“[T]o say from the purely sociological standpoint, the bourgeoisie maintains its class rule and suppress the exploited classes by means of its system of criminal law. [….] Every historically given system of penal policy bears the imprints of the class interests of the class which instigated it.” (Evgeny B Pashukanis, Law and Marxism: A General Theory, tr. Barbara Einhorn, Ink Links, London, 1978, first published in 1929) The tsarist system was not beyond this fact.

“When we say that all inmates are political prisoners, we are not asserting that all criminal acts are deliberate, self-conscious acts of rebellion against an unjust authority. In fact, the overwhelming majority of inmates we saw are doing time for narrow, selfish acts such as stealing, breaking and entering, and fighting. Nevertheless, their incarceration is political since it is the end-product of decisions to treat some social harms as deserving of penal sanctions and others as not – with little regard to the actual extent of social damage.” (Joan Smith and William Fried, The Uses of the American Prison: Political Theory and Penal Practice, Lexington Books, Lexington, 1974, cited in David F Greenberg, ed., Crime and Capitalism: Readings in Marxist Criminology, Mayfield Publishing, Paolo Alto, 1981) Moreover, petty theft and similar acts are products of a certain property relation-reality; and the property relation-reality gets active and empowered through political arrangement/mechanism.

Power to punish a petty thief or a political adversary originates from political power; and political power stands on class power. The same class power reins entire society; and class power does not always rein by chains, but by chains at times, and always by institutions and organizations, arrangements and mechanisms, ideas and ideologies, fallacies presented as infallible and self-evident logic, argument, rationale and principles having no need to examine, and practices, coercion and threats of coercion; and these elements take the role of chains.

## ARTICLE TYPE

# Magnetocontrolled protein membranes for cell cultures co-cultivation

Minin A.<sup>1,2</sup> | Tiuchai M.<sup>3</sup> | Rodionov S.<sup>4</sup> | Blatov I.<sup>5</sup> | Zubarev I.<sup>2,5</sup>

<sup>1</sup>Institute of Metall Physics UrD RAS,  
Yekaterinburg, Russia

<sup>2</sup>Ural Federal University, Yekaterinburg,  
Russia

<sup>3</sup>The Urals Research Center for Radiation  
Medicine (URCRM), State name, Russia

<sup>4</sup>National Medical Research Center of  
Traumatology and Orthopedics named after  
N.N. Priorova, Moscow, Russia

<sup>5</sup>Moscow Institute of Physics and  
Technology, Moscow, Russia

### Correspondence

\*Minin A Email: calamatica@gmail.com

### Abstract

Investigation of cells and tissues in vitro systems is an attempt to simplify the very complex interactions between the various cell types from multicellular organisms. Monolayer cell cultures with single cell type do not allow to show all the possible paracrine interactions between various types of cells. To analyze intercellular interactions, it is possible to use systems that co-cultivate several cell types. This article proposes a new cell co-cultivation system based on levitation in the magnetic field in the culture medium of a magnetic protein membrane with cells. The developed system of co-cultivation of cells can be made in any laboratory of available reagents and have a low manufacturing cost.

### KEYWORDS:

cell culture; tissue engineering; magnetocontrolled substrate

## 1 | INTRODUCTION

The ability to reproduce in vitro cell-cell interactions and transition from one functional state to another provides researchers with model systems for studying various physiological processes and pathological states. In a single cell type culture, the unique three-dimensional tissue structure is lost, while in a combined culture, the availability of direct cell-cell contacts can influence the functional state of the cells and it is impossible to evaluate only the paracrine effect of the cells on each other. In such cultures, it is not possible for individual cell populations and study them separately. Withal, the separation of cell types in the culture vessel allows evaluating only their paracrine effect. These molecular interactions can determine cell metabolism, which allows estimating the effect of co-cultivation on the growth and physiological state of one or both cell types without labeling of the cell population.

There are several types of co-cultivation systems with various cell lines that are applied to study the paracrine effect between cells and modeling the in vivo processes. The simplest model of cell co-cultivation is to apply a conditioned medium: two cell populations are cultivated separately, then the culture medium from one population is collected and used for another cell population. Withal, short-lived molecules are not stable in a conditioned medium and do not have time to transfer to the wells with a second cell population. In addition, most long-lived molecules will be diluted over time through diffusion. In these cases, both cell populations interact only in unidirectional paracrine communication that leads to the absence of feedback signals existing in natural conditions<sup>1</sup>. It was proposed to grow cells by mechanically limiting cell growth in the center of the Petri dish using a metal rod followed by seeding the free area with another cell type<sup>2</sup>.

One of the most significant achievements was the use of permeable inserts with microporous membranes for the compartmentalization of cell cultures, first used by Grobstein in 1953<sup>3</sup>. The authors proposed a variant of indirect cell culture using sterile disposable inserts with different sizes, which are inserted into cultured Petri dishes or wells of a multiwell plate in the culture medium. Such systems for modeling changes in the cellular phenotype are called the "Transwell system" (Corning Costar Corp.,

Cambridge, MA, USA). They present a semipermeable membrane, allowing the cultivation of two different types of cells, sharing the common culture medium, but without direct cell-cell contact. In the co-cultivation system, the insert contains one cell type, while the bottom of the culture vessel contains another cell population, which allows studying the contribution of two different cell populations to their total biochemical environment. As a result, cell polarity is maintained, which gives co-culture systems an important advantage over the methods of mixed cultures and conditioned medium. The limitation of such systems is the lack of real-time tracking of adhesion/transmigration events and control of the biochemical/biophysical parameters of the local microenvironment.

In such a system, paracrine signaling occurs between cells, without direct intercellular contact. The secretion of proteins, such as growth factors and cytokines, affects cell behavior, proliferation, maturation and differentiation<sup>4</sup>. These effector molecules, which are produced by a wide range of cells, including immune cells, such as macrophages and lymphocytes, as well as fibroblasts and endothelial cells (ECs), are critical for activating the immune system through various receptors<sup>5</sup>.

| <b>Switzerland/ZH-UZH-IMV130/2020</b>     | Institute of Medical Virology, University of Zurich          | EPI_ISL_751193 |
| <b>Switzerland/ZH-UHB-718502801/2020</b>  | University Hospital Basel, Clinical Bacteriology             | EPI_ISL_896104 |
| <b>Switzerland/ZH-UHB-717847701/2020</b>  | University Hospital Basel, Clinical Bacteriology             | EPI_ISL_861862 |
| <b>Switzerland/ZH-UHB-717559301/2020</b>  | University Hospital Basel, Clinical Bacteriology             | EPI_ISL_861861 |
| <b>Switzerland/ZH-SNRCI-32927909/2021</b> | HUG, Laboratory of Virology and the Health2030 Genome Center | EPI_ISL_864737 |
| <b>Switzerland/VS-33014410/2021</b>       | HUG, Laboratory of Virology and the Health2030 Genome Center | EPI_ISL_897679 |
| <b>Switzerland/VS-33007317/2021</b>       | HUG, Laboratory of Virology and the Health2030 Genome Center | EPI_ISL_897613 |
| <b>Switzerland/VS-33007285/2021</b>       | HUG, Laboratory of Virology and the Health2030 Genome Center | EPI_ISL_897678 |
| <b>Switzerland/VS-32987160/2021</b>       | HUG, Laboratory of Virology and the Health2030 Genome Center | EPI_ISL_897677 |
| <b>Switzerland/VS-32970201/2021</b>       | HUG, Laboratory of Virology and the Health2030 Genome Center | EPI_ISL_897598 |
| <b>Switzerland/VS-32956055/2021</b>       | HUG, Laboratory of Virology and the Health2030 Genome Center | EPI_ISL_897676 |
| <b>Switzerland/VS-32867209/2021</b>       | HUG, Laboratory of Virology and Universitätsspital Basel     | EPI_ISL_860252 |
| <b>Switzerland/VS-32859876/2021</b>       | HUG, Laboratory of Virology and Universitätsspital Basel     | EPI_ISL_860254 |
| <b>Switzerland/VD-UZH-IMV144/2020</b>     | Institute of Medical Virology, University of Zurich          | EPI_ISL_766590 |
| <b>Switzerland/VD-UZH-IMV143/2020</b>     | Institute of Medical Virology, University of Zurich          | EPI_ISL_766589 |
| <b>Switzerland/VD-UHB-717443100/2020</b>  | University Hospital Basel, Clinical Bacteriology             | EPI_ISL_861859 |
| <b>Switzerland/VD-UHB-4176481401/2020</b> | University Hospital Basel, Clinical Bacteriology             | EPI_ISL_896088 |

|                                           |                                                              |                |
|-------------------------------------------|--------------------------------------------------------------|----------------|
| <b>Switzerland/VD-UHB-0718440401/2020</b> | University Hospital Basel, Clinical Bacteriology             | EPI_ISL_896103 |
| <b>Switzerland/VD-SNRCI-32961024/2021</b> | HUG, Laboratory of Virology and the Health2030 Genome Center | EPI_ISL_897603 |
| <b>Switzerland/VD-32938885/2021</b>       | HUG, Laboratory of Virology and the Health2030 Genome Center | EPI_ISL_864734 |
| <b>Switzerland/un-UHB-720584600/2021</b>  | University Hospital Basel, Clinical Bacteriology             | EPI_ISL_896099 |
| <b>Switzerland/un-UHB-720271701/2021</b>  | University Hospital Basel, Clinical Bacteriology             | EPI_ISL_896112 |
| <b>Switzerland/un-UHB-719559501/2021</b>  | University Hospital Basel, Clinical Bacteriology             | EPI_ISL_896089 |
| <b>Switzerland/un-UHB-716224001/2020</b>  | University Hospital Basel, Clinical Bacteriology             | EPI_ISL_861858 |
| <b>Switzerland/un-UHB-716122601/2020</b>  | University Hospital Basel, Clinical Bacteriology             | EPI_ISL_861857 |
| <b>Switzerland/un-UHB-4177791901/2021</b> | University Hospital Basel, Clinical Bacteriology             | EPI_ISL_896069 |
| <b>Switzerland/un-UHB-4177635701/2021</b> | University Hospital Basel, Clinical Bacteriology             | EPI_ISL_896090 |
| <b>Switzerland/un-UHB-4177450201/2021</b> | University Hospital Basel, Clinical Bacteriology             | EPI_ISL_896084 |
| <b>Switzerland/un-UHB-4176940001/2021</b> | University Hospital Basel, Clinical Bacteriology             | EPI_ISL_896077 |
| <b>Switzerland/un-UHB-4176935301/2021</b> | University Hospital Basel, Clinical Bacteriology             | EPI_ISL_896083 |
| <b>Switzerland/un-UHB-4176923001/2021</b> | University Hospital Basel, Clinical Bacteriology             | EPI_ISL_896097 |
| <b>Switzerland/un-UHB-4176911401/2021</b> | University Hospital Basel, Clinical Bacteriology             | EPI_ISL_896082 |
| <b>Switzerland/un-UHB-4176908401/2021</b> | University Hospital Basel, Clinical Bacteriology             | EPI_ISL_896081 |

The Great October Revolution changed and de-legitimized the property relationship the empire was roaring on, overthrew the class rule engaged with protecting the relationship, and these acts were the Revolution’s “crime”. The “crime-count” increases as the “crime” stands as an example in front of all the exploited in the world. With the change of property relationship, the Revolution re-defined legitimacy, government, governing system, law, etc. as has been done by classes seizing political power for advancing self-class interest in the past although a group of scholars like to enact a travesty with historical facts.

The article is the last (4th) section of the 5th part, in abridged form, of a series composed on the occasion of the Great October Revolution Centenary. The 1st - 4th and 6th parts and the 1st - 3rd sections of the 5th part of the series were originally carried by, and the series is now being carried by the web site of Frontier, an independent, radical weekly from Kolkata.

Farooque Chowdhury, a Dhaka-based freelancer, has not authored/edited any book in English other than Micro Credit, Myth Manufactured (ed.), The Age of Crisis and What Next, The Great Financial Crisis (ed.), and he does neither operate any blog/web site nor any facebook nor similar accounts.

Dec 18, 2017

Farooque Chowdhury

Your Comment if any